v = root mean square velocity of electrons.

Mobility : The mobility of a charged particle is defined as the drift velocity per unit electron field, i.e., # Relation between Drift velocity and Electric Current

The electric current in a metallic conductor is produced due to drift of electrons opposite to the direction of electric field. The relation between current (i) and drift velocity  (vd) is i = neAvd

where n = number of free electrons per cubic metre.

A = cross-sectional area of conductor.

# Ohm`s Law

When a potential difference is applied across a conductor, the current begins to flow through it. According to Ohm?s law, the electric current produced in a conductor is directly proportional to the potential difference applied across it provided the physical conditions like pressure, temperature, etc. remain uncharged.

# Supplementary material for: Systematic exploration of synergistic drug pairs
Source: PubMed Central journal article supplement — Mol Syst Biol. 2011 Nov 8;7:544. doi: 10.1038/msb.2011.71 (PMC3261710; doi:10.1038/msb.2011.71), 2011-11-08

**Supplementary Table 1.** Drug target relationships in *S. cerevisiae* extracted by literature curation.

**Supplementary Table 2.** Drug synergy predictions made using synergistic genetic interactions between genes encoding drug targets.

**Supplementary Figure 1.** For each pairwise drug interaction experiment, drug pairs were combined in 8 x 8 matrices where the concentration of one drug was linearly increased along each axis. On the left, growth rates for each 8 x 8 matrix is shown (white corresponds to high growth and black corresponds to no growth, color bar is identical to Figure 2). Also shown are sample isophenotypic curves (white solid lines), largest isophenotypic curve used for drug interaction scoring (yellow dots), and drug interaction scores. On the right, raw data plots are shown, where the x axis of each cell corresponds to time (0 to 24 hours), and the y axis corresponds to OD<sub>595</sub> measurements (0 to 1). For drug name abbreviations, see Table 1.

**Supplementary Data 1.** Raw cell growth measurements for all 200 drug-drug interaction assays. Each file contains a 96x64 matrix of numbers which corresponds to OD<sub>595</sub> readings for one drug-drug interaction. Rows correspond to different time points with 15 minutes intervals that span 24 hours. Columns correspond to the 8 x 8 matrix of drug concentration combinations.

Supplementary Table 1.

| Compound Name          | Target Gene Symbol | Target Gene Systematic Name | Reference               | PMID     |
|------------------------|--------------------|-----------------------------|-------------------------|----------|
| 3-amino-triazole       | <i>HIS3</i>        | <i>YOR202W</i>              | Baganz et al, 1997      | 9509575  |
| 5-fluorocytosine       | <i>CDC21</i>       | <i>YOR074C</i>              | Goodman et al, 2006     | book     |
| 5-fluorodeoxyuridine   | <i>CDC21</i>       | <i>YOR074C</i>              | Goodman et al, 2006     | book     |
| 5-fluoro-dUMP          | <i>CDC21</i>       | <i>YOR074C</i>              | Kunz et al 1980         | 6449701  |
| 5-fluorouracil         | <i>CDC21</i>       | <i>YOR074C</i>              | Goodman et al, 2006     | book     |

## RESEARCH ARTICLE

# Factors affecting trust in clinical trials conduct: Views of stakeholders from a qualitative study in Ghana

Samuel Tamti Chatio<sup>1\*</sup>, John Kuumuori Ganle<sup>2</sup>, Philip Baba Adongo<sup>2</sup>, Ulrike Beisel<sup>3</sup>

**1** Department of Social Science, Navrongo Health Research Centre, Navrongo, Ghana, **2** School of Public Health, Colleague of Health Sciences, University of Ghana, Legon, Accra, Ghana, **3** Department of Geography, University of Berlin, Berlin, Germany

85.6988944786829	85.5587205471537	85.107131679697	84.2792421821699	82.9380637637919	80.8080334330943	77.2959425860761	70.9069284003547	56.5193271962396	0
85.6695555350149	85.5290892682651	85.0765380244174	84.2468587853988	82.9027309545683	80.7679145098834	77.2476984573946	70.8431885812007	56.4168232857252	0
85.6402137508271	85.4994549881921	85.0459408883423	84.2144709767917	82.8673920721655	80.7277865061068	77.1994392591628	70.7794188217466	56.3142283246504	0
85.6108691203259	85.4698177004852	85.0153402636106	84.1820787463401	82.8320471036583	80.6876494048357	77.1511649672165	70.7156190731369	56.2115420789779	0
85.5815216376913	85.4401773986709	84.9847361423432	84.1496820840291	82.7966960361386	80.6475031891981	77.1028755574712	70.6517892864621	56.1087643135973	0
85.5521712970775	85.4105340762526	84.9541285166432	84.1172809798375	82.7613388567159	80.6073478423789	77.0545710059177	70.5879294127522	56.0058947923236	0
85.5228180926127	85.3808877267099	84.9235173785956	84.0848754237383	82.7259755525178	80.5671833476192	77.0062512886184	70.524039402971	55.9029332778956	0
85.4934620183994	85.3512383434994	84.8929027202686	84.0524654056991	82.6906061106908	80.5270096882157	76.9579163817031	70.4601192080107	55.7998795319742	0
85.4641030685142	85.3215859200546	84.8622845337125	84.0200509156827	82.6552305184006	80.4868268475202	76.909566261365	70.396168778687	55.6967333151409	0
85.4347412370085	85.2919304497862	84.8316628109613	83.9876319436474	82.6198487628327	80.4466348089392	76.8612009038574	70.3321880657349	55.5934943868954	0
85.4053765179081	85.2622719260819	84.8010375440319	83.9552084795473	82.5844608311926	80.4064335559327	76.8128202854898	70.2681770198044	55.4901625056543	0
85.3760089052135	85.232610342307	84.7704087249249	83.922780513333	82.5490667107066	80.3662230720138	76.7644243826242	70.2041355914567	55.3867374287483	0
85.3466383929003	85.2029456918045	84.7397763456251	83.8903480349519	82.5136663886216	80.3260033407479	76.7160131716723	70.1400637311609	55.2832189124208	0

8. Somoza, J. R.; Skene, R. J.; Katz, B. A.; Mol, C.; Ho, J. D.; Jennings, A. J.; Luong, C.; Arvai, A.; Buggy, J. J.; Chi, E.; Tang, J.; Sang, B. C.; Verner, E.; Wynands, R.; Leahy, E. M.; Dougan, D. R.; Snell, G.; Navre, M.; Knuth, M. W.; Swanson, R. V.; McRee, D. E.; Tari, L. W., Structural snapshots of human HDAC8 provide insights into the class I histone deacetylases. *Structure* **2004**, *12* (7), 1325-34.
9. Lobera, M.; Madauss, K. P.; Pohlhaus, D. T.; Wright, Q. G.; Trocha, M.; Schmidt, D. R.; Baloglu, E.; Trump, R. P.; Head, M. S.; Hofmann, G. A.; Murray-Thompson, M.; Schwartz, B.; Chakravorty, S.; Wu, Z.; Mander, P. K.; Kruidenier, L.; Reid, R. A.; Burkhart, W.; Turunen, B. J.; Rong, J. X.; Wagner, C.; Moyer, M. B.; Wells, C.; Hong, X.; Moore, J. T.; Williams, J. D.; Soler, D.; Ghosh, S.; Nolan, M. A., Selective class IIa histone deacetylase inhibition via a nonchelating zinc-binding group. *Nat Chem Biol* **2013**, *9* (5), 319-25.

i.e.,   I  ∝ V

or   V ∝ I

⇒ V = IR

where R is a constant called electrical resistance or simply the resistance of the conductor.

The unit of electrical resistance is volt/ampere or ohm (denoted by Ω)

# Electrical Resistance

The hindrance offered by a conductor to the flow of current is called the electrical resistance. The resistance of a conductor depends on its length, cross-sectional area A and nature of material at a given temperature and is given by where ρ is the resistivity of the material.

# V-I Characteristics